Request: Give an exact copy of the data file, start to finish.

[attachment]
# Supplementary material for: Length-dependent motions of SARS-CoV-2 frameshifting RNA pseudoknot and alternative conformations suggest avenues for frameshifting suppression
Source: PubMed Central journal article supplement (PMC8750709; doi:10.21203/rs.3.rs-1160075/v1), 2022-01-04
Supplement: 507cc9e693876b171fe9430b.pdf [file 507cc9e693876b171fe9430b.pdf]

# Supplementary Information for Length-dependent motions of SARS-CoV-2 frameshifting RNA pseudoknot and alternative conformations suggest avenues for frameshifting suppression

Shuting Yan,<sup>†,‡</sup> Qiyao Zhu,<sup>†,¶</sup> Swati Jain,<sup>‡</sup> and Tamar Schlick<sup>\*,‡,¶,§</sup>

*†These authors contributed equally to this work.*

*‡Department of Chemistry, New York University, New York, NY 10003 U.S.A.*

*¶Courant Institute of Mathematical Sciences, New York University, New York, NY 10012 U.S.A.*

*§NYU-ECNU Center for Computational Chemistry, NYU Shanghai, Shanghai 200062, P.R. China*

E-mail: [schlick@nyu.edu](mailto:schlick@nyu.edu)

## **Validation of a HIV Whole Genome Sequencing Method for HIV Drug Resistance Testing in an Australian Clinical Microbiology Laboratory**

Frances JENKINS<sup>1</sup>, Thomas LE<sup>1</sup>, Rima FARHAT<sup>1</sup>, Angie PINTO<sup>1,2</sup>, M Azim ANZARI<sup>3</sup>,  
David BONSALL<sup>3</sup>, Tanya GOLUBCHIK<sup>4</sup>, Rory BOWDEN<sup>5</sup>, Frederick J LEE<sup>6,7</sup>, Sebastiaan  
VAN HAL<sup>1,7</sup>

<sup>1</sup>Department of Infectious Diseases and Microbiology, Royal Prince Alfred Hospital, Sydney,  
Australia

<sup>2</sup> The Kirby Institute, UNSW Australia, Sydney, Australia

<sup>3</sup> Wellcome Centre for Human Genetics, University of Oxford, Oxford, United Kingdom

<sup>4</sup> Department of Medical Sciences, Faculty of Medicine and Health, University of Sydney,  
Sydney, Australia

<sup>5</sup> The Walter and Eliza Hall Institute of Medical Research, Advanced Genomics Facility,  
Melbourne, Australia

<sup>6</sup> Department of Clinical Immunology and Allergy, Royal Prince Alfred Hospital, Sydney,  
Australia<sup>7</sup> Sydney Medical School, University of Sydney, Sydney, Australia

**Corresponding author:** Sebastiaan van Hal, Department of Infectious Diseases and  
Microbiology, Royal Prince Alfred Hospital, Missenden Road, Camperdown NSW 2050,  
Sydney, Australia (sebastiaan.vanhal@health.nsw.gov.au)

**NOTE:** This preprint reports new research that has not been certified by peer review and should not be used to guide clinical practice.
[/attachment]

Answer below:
# Supplementary material for: Length-dependent motions of SARS-CoV-2 frameshifting RNA pseudoknot and alternative conformations suggest avenues for frameshifting suppression
Source: PubMed Central journal article supplement (PMC8750709; doi:10.21203/rs.3.rs-1160075/v1), 2022-01-04
Supplement: 507cc9e693876b171fe9430b.pdf [file 507cc9e693876b171fe9430b.pdf]

# Supplementary Information for Length-dependent motions of SARS-CoV-2 frameshifting RNA pseudoknot and alternative conformations suggest avenues for frameshifting suppression

Shuting Yan,<sup>†,‡</sup> Qiyao Zhu,<sup>†,¶</sup> Swati Jain,<sup>‡</sup> and Tamar Schlick<sup>\*,‡,¶,§</sup>

*†These authors contributed equally to this work.*

*‡Department of Chemistry, New York University, New York, NY 10003 U.S.A.*

*¶Courant Institute of Mathematical Sciences, New York University, New York, NY 10012 U.S.A.*

*§NYU-ECNU Center for Computational Chemistry, NYU Shanghai, Shanghai 200062, P.R. China*

E-mail: [schlick@nyu.edu](mailto:schlick@nyu.edu)

## **Validation of a HIV Whole Genome Sequencing Method for HIV Drug Resistance Testing in an Australian Clinical Microbiology Laboratory**

Frances JENKINS<sup>1</sup>, Thomas LE<sup>1</sup>, Rima FARHAT<sup>1</sup>, Angie PINTO<sup>1,2</sup>, M Azim ANZARI<sup>3</sup>,  
David BONSALL<sup>3</sup>, Tanya GOLUBCHIK<sup>4</sup>, Rory BOWDEN<sup>5</sup>, Frederick J LEE<sup>6,7</sup>, Sebastiaan  
VAN HAL<sup>1,7</sup>

<sup>1</sup>Department of Infectious Diseases and Microbiology, Royal Prince Alfred Hospital, Sydney,  
Australia

<sup>2</sup> The Kirby Institute, UNSW Australia, Sydney, Australia

<sup>3</sup> Wellcome Centre for Human Genetics, University of Oxford, Oxford, United Kingdom

<sup>4</sup> Department of Medical Sciences, Faculty of Medicine and Health, University of Sydney,  
Sydney, Australia

<sup>5</sup> The Walter and Eliza Hall Institute of Medical Research, Advanced Genomics Facility,  
Melbourne, Australia

<sup>6</sup> Department of Clinical Immunology and Allergy, Royal Prince Alfred Hospital, Sydney,  
Australia<sup>7</sup> Sydney Medical School, University of Sydney, Sydney, Australia

**Corresponding author:** Sebastiaan van Hal, Department of Infectious Diseases and  
Microbiology, Royal Prince Alfred Hospital, Missenden Road, Camperdown NSW 2050,  
Sydney, Australia (sebastiaan.vanhal@health.nsw.gov.au)

**NOTE:** This preprint reports new research that has not been certified by peer review and should not be used to guide clinical practice.